How Swiss banks and insurance companies implement sustainable measures
How can the finance and insurance industry also contribute to a more sustainable economy? This question is at the centre of current debates in business practice and management research. In collaboration with the VU Amsterdam and the University of Oxford, the BFH Business School’s Sustainable Business Institute is conducting a qualitative study funded by the Swiss National Science Foundation (SNSF) to investigate the effective implementation of ESG (Environment, Social, Governance) in the Swiss banking and insurance industry. An interim report by BFH researchers Eva Schlindwein and David Risi.
ESG refers to a set of criteria that investors and banks use to assess the sustainability and social impact of a company. Environmental factors include carbon footprint, energy efficiency and waste management. Social factors include human rights, labour practices and community engagement. Governance factors include executive compensation, board diversity and transparency in financial reporting.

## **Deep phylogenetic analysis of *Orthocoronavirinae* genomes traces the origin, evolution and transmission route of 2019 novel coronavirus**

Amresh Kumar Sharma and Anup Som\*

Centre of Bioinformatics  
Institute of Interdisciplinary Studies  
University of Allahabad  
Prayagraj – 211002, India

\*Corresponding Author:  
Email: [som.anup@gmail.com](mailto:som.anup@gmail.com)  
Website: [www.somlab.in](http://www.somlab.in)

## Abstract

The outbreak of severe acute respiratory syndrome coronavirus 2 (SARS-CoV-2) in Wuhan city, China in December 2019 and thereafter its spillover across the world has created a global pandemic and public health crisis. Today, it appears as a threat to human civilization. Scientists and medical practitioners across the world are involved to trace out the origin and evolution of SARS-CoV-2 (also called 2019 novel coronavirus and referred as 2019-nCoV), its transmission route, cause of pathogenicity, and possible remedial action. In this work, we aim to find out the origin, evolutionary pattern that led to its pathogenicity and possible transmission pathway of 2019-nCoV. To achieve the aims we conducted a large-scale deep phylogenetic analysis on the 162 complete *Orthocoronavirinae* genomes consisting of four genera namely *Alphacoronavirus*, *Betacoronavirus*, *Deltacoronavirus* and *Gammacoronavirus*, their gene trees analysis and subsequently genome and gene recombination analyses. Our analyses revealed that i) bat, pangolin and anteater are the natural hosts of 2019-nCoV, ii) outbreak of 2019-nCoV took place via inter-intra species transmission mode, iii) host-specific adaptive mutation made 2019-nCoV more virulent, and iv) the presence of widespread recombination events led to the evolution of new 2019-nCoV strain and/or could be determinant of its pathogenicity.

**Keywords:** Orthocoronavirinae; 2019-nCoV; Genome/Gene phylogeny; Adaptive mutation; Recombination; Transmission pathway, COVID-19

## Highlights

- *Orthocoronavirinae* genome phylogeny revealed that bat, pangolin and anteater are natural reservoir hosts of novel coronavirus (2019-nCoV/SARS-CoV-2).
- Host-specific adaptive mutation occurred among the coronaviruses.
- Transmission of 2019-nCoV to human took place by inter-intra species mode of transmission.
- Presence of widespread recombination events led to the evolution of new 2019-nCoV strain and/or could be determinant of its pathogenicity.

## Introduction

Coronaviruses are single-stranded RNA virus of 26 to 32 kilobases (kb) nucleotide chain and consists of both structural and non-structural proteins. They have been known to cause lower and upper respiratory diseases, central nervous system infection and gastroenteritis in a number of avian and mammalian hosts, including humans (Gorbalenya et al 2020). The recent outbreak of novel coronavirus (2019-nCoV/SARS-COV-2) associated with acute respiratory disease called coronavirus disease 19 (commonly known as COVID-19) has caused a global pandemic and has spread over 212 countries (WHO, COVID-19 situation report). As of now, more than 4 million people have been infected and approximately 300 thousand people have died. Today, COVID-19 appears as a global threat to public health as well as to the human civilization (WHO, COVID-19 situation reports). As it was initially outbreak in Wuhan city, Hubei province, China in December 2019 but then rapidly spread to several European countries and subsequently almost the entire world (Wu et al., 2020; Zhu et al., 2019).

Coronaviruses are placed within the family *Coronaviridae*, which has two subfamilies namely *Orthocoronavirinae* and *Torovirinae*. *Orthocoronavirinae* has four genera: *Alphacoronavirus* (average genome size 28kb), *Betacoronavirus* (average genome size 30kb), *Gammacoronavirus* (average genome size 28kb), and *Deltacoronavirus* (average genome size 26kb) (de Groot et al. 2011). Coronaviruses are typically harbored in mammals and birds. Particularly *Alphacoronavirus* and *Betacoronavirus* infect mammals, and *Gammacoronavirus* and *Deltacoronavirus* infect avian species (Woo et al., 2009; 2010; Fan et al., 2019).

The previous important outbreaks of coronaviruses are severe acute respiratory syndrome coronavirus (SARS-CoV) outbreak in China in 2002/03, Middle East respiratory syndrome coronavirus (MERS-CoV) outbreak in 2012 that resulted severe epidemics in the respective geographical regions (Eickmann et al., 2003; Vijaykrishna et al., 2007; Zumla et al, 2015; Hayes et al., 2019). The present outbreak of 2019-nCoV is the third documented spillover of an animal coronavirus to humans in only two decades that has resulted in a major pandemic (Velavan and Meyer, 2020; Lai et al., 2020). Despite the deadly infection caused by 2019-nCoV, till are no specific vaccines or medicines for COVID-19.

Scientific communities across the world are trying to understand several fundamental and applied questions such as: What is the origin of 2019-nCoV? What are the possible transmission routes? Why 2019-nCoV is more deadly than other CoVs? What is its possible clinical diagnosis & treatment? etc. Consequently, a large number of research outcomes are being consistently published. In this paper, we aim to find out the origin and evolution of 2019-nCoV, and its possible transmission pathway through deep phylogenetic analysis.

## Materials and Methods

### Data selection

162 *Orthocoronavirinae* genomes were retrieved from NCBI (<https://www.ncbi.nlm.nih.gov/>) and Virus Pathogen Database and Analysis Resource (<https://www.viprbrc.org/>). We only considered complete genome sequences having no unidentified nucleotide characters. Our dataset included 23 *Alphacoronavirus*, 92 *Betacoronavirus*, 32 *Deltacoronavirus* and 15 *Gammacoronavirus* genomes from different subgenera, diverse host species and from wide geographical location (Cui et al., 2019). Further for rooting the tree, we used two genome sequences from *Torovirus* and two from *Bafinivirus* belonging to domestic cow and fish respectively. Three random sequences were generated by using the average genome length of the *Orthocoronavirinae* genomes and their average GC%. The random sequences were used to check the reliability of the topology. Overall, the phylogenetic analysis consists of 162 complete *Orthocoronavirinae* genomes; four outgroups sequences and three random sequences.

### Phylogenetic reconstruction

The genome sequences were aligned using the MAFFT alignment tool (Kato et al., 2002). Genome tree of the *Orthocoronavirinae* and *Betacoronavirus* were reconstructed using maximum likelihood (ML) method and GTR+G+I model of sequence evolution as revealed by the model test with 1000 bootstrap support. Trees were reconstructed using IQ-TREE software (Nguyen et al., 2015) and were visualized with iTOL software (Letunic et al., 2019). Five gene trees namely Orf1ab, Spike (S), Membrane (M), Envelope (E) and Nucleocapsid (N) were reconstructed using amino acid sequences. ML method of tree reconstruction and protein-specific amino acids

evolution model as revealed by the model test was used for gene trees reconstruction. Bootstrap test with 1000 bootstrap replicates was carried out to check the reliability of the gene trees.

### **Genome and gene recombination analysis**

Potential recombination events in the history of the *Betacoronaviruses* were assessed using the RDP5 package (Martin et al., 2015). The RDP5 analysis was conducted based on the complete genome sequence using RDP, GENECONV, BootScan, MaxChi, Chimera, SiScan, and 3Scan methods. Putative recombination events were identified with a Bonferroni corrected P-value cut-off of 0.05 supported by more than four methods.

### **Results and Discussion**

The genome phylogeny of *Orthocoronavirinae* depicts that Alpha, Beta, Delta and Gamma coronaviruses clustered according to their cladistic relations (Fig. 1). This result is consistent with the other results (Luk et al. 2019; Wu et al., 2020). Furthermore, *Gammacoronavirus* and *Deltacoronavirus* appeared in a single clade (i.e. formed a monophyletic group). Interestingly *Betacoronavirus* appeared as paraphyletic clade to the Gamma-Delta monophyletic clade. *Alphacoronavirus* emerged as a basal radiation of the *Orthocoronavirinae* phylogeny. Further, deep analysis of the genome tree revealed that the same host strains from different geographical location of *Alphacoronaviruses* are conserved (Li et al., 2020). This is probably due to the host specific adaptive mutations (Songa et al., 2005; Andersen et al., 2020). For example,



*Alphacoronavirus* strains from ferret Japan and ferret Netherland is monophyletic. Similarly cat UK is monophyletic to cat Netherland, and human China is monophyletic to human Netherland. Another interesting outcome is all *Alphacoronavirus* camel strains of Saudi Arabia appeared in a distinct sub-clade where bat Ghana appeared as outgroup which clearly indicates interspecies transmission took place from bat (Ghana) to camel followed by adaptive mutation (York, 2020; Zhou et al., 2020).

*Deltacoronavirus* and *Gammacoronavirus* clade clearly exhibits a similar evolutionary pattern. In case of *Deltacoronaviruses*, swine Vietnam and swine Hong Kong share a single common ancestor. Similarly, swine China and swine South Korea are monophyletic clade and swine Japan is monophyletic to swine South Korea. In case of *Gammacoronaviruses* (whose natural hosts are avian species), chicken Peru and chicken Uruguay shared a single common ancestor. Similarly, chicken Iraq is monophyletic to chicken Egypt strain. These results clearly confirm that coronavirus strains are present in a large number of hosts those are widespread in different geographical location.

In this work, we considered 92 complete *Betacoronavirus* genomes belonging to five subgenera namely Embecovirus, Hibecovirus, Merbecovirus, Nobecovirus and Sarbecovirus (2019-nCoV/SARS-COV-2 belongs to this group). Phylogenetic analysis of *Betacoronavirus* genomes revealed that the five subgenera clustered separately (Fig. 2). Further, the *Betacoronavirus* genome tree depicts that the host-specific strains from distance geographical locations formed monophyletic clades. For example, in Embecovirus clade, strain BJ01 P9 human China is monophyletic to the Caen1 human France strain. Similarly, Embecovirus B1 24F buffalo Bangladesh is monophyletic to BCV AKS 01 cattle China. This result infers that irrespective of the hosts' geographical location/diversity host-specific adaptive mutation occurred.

Through interviews with bank and insurance company managers and industry experts, as well as document analysis, the research study explores over four years how banks and insurance companies are seeking to integrate ESG into their business and decision-making processes and address emerging challenges.
Corporate Transformation – Implementing ESG